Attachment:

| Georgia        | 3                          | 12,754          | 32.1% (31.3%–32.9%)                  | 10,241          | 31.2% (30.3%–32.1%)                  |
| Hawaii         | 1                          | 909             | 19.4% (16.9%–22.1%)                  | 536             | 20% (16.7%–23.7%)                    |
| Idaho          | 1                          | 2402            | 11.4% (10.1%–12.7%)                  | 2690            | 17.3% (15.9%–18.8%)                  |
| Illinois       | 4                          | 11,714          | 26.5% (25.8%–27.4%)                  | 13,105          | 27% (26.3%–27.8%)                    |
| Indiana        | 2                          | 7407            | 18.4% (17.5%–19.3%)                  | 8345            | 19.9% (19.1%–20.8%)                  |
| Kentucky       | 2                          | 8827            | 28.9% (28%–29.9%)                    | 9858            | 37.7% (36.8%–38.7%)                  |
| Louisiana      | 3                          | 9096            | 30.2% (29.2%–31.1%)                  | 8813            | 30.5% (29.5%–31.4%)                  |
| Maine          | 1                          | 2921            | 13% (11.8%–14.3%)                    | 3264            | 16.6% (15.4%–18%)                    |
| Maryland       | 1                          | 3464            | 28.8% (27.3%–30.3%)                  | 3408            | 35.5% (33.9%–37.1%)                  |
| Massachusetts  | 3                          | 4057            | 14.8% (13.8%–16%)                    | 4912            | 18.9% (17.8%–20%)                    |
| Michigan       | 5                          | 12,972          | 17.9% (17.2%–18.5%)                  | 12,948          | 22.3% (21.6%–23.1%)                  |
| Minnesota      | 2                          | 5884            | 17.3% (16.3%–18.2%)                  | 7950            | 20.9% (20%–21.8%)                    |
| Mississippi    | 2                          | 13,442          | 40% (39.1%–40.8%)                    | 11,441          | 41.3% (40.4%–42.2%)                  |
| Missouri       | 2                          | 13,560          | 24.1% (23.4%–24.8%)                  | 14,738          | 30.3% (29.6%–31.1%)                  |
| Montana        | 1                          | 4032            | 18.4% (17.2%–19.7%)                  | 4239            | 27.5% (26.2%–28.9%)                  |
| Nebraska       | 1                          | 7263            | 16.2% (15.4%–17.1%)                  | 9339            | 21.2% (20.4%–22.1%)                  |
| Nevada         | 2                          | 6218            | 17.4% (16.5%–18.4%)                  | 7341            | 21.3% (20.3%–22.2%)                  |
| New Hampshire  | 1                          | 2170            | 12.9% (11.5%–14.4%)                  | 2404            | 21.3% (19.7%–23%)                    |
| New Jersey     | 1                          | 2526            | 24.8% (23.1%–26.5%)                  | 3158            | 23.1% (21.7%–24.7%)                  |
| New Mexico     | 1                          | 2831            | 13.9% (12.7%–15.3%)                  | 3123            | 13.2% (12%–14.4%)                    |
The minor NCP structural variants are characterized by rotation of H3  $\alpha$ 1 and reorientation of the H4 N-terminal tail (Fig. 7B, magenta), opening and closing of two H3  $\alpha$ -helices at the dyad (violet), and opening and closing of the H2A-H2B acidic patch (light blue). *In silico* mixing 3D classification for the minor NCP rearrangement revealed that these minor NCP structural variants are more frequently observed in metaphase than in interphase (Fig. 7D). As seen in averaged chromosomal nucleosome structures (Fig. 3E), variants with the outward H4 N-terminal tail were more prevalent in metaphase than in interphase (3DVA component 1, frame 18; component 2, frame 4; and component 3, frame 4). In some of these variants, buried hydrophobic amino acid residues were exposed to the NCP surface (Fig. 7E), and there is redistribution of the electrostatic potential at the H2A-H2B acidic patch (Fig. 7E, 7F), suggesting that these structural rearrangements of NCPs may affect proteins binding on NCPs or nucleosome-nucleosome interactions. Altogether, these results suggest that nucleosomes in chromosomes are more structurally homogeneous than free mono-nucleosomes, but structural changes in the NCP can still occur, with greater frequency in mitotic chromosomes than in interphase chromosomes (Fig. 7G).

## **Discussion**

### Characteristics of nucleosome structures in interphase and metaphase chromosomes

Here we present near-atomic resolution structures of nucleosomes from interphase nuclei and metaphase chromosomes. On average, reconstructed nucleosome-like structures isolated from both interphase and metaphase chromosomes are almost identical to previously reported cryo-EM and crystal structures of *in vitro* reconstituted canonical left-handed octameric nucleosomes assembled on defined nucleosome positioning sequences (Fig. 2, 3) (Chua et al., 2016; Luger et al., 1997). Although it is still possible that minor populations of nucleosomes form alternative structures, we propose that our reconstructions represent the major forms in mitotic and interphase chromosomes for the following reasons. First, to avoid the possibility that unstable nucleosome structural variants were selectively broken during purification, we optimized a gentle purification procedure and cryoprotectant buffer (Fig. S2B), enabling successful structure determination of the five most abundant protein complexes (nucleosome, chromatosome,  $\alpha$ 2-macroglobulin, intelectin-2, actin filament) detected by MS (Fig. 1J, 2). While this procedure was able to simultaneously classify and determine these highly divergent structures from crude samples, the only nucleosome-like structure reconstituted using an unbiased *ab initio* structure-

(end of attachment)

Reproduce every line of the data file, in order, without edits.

| Georgia        | 3                          | 12,754          | 32.1% (31.3%–32.9%)                  | 10,241          | 31.2% (30.3%–32.1%)                  |
| Hawaii         | 1                          | 909             | 19.4% (16.9%–22.1%)                  | 536             | 20% (16.7%–23.7%)                    |
| Idaho          | 1                          | 2402            | 11.4% (10.1%–12.7%)                  | 2690            | 17.3% (15.9%–18.8%)                  |
| Illinois       | 4                          | 11,714          | 26.5% (25.8%–27.4%)                  | 13,105          | 27% (26.3%–27.8%)                    |
| Indiana        | 2                          | 7407            | 18.4% (17.5%–19.3%)                  | 8345            | 19.9% (19.1%–20.8%)                  |
| Kentucky       | 2                          | 8827            | 28.9% (28%–29.9%)                    | 9858            | 37.7% (36.8%–38.7%)                  |
| Louisiana      | 3                          | 9096            | 30.2% (29.2%–31.1%)                  | 8813            | 30.5% (29.5%–31.4%)                  |
| Maine          | 1                          | 2921            | 13% (11.8%–14.3%)                    | 3264            | 16.6% (15.4%–18%)                    |
| Maryland       | 1                          | 3464            | 28.8% (27.3%–30.3%)                  | 3408            | 35.5% (33.9%–37.1%)                  |
| Massachusetts  | 3                          | 4057            | 14.8% (13.8%–16%)                    | 4912            | 18.9% (17.8%–20%)                    |
| Michigan       | 5                          | 12,972          | 17.9% (17.2%–18.5%)                  | 12,948          | 22.3% (21.6%–23.1%)                  |
| Minnesota      | 2                          | 5884            | 17.3% (16.3%–18.2%)                  | 7950            | 20.9% (20%–21.8%)                    |
| Mississippi    | 2                          | 13,442          | 40% (39.1%–40.8%)                    | 11,441          | 41.3% (40.4%–42.2%)                  |
| Missouri       | 2                          | 13,560          | 24.1% (23.4%–24.8%)                  | 14,738          | 30.3% (29.6%–31.1%)                  |
| Montana        | 1                          | 4032            | 18.4% (17.2%–19.7%)                  | 4239            | 27.5% (26.2%–28.9%)                  |
| Nebraska       | 1                          | 7263            | 16.2% (15.4%–17.1%)                  | 9339            | 21.2% (20.4%–22.1%)                  |
| Nevada         | 2                          | 6218            | 17.4% (16.5%–18.4%)                  | 7341            | 21.3% (20.3%–22.2%)                  |
| New Hampshire  | 1                          | 2170            | 12.9% (11.5%–14.4%)                  | 2404            | 21.3% (19.7%–23%)                    |
| New Jersey     | 1                          | 2526            | 24.8% (23.1%–26.5%)                  | 3158            | 23.1% (21.7%–24.7%)                  |
| New Mexico     | 1                          | 2831            | 13.9% (12.7%–15.3%)                  | 3123            | 13.2% (12%–14.4%)                    |
The minor NCP structural variants are characterized by rotation of H3  $\alpha$ 1 and reorientation of the H4 N-terminal tail (Fig. 7B, magenta), opening and closing of two H3  $\alpha$ -helices at the dyad (violet), and opening and closing of the H2A-H2B acidic patch (light blue). *In silico* mixing 3D classification for the minor NCP rearrangement revealed that these minor NCP structural variants are more frequently observed in metaphase than in interphase (Fig. 7D). As seen in averaged chromosomal nucleosome structures (Fig. 3E), variants with the outward H4 N-terminal tail were more prevalent in metaphase than in interphase (3DVA component 1, frame 18; component 2, frame 4; and component 3, frame 4). In some of these variants, buried hydrophobic amino acid residues were exposed to the NCP surface (Fig. 7E), and there is redistribution of the electrostatic potential at the H2A-H2B acidic patch (Fig. 7E, 7F), suggesting that these structural rearrangements of NCPs may affect proteins binding on NCPs or nucleosome-nucleosome interactions. Altogether, these results suggest that nucleosomes in chromosomes are more structurally homogeneous than free mono-nucleosomes, but structural changes in the NCP can still occur, with greater frequency in mitotic chromosomes than in interphase chromosomes (Fig. 7G).

## **Discussion**

### Characteristics of nucleosome structures in interphase and metaphase chromosomes

Here we present near-atomic resolution structures of nucleosomes from interphase nuclei and metaphase chromosomes. On average, reconstructed nucleosome-like structures isolated from both interphase and metaphase chromosomes are almost identical to previously reported cryo-EM and crystal structures of *in vitro* reconstituted canonical left-handed octameric nucleosomes assembled on defined nucleosome positioning sequences (Fig. 2, 3) (Chua et al., 2016; Luger et al., 1997). Although it is still possible that minor populations of nucleosomes form alternative structures, we propose that our reconstructions represent the major forms in mitotic and interphase chromosomes for the following reasons. First, to avoid the possibility that unstable nucleosome structural variants were selectively broken during purification, we optimized a gentle purification procedure and cryoprotectant buffer (Fig. S2B), enabling successful structure determination of the five most abundant protein complexes (nucleosome, chromatosome,  $\alpha$ 2-macroglobulin, intelectin-2, actin filament) detected by MS (Fig. 1J, 2). While this procedure was able to simultaneously classify and determine these highly divergent structures from crude samples, the only nucleosome-like structure reconstituted using an unbiased *ab initio* structure-